After weeks of struggling to come to an agreement, Republicans and Democrats
have settled on Senate Bill 1810, which will fund government operations for the
next six months and ensure that schools open on time in the fall.
The overall agreement package does give the city of Chicago the ability to raise
property taxes by $250 million to fund teacher pensions (Senate Bill 318) and
covers $215 million in Chicago teacher pensions in fiscal year 2017 (Senate Bill
2822). But the package of reforms does not provide the full bailout city
officials sought initially. If Chicago politicians want to ignore the city’s
dire need for spending and pension reform and instead ask taxpayers to cover
more of their recklessness, Mayor Rahm Emanuel and Chicago aldermen will have to
accept the blame for that decision. And the full burden of funding Chicago
pensions won’t be borne by taxpayers across the state – Chicagoans will feel the
pain if city officials choose to raise property taxes within less than a year of
the city’s record tax hike. The unfortunate truth for Chicago residents is that
property taxes will have to more than double to be able to fund the city’s $34
billion in pension debt.
Another important feature of the stopgap plan is that it ensures funding for
critical human services, road construction, prison operations and veterans care.
The bill also provides $1 billion for higher education, including one semester’s
worth of Monetary Award Program grants for low-income students, according to the
With the prospect of another Chicago property-tax hike one step closer to
reality and no foundational reforms yet achieved, even a compromise like this
one can feel deflating. But the good news is that this plan buys six months to
get back to work on the real reforms Illinois needs.
“Let’s be clear,” Rauner said after the vote. “This is just a small step in the
process of making Illinois strong and healthy and vibrant. This is a small step
in the right direction. … This is a bridge to reform.”
“Reforms are essential, and our efforts to get significant reform for the people
of Illinois will never cease.”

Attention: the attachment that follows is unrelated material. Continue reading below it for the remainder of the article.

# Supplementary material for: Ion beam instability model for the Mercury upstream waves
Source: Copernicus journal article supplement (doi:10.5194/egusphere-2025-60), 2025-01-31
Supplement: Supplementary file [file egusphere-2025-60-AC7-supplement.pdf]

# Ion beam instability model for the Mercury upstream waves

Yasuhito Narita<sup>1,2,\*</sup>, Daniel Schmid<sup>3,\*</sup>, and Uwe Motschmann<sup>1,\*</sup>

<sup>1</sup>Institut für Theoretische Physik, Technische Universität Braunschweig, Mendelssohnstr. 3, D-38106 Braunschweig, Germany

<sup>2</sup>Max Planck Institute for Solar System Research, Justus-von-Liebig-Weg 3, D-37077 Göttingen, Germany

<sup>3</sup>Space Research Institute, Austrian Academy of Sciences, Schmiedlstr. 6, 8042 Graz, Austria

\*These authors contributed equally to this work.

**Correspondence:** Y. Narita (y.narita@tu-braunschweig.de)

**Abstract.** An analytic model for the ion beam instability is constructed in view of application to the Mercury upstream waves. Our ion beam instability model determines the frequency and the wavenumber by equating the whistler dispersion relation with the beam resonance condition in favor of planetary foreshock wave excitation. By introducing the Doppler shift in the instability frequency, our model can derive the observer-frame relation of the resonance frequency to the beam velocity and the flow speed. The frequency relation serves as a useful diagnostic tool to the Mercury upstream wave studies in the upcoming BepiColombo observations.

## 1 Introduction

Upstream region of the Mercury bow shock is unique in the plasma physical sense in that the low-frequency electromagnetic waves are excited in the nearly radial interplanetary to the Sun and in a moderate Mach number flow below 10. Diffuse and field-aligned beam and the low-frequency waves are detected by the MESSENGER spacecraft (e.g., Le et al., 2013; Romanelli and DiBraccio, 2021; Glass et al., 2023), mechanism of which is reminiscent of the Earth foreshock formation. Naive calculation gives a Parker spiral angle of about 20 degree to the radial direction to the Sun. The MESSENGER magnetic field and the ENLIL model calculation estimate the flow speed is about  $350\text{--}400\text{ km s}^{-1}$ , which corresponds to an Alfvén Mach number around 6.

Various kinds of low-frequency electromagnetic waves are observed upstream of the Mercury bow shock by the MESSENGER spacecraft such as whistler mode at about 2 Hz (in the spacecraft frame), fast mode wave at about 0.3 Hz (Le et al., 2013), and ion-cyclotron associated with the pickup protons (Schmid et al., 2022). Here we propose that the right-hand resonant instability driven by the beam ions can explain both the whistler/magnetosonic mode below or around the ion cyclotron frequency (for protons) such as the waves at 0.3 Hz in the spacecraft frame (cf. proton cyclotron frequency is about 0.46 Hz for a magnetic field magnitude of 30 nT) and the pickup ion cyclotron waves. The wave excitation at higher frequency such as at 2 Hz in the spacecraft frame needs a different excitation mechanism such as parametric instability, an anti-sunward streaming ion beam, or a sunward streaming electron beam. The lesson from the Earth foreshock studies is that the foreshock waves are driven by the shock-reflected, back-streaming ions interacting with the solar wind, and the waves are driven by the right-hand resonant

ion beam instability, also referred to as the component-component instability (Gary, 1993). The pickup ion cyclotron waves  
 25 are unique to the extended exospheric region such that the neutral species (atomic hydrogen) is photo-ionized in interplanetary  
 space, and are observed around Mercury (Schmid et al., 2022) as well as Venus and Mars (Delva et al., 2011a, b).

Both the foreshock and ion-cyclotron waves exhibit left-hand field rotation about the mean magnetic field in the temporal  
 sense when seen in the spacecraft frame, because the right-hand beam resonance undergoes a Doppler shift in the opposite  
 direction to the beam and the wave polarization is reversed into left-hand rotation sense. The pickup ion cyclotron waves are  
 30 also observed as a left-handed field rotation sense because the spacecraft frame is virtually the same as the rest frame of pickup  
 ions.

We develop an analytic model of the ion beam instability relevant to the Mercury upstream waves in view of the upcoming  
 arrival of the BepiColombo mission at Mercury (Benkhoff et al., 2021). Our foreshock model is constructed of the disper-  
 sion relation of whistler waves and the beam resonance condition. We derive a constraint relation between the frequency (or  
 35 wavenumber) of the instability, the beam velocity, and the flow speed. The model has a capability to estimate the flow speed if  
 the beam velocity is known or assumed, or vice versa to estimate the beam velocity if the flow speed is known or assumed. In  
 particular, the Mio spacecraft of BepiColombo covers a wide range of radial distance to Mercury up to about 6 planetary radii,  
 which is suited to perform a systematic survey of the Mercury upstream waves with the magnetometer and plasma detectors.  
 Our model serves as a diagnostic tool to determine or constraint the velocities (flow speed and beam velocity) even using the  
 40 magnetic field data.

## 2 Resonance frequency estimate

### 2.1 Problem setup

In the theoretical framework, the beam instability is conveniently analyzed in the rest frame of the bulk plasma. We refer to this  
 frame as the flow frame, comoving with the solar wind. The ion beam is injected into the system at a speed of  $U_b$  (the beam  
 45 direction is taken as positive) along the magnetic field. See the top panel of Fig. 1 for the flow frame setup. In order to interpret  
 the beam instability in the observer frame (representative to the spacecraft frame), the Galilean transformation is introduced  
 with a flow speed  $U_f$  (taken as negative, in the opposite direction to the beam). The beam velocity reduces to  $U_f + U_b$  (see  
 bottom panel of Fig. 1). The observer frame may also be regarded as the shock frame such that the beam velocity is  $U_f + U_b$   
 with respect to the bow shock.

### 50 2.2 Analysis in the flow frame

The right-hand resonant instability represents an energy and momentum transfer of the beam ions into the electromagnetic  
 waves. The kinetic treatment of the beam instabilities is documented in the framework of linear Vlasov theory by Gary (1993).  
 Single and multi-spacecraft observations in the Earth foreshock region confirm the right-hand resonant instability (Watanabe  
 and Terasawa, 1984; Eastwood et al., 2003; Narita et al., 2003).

With this critical fight settled, Illinois must still come to an agreement with
its largest state-worker union, the American Federation of State, County and
Municipal Employees, which is asking for a salary and benefits package that
would cost state taxpayers an additional $3 billion. Illinois state workers are
already the highest-paid state workers in the country when adjusted for the cost
of living. Negotiations are deadlocked until the Illinois Labor Relations Board
rules on a request from Gov. Bruce Rauner to expedite impasse hearings.
Illinois needs a balanced budget for 2017
Until the stopgap compromise, the most recent budget proposal overspent by $7
billion, and ultimately failed in the Senate.
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The state can’t endure more of the same – Illinois hasn’t had a
truly balanced budget since 2001. Illinois politicians continue to
spend more money than the state takes in, driven largely by pension
costs, which consume 25 percent of the entire state general fund
budget. Tax hikes most certainly won’t fix the problem, as 90
percent of the more than $31 billion Illinois took in between 2011
and 2014 from the 2011 income-tax hike went directly to pensions –
and the state still has the worst pension crisis in the nation.
Not all lawmakers are pleased with the General Assembly’s vote.
State Rep. Jack Franks, D-Marengo, said Illinois lawmakers were
“knowingly and willingly violating the Constitution.” He also warned
that “after the election” taxpayers will see “a massive tax
Politicians need to come to terms with the fact that taxpayers are
providing more than enough money to fund state operations – tax
revenues have grown 70 percent more than inflation over the last 33
years. Illinoisans can’t afford to be squeezed even more.
House Speaker Mike Madigan, D-Chicago, who continues to stand firm
in his support for funding state-worker pay and benefits over all
else, said after the House stopgap vote that Illinois must protect
the middle class. “Our work is not finished,” he said.
Problem is, Madigan’s “middle class” doesn’t refer to Illinois’
private-sector workers – Madigan instead wants the private sector to
pay for an additional $3 billion in state-worker salary,
health-insurance and pension benefits, even as Illinoisans suffer in
a state with the nation’s second-worst jobs recovery.
Even during the floor debate over the stopgap measures, it was clear
that despite the bills’ ultimate passage, the stage is being set for
more conflict in Springfield, including agitation for the Illinois
comptroller to resume paying state lawmakers.
“As legislators we should get paid for the work that we do, and I
think it’s wrong for our income to be held for months and months and
months,” said state Sen. Kimberly Lightford, D-Maywood.
Lightford went on to note that the Illinois comptroller should
prioritize lawmaker pay because they are “not vendors.” Illinois has
$7.8 billion in unpaid bills.
Despite the continued discord in Springfield, the passage of
Illinois’ stopgap spending plan provides an opportunity to pause,
reflect and hit reset – and then get back to work fixing a state in
desperate need of repair.
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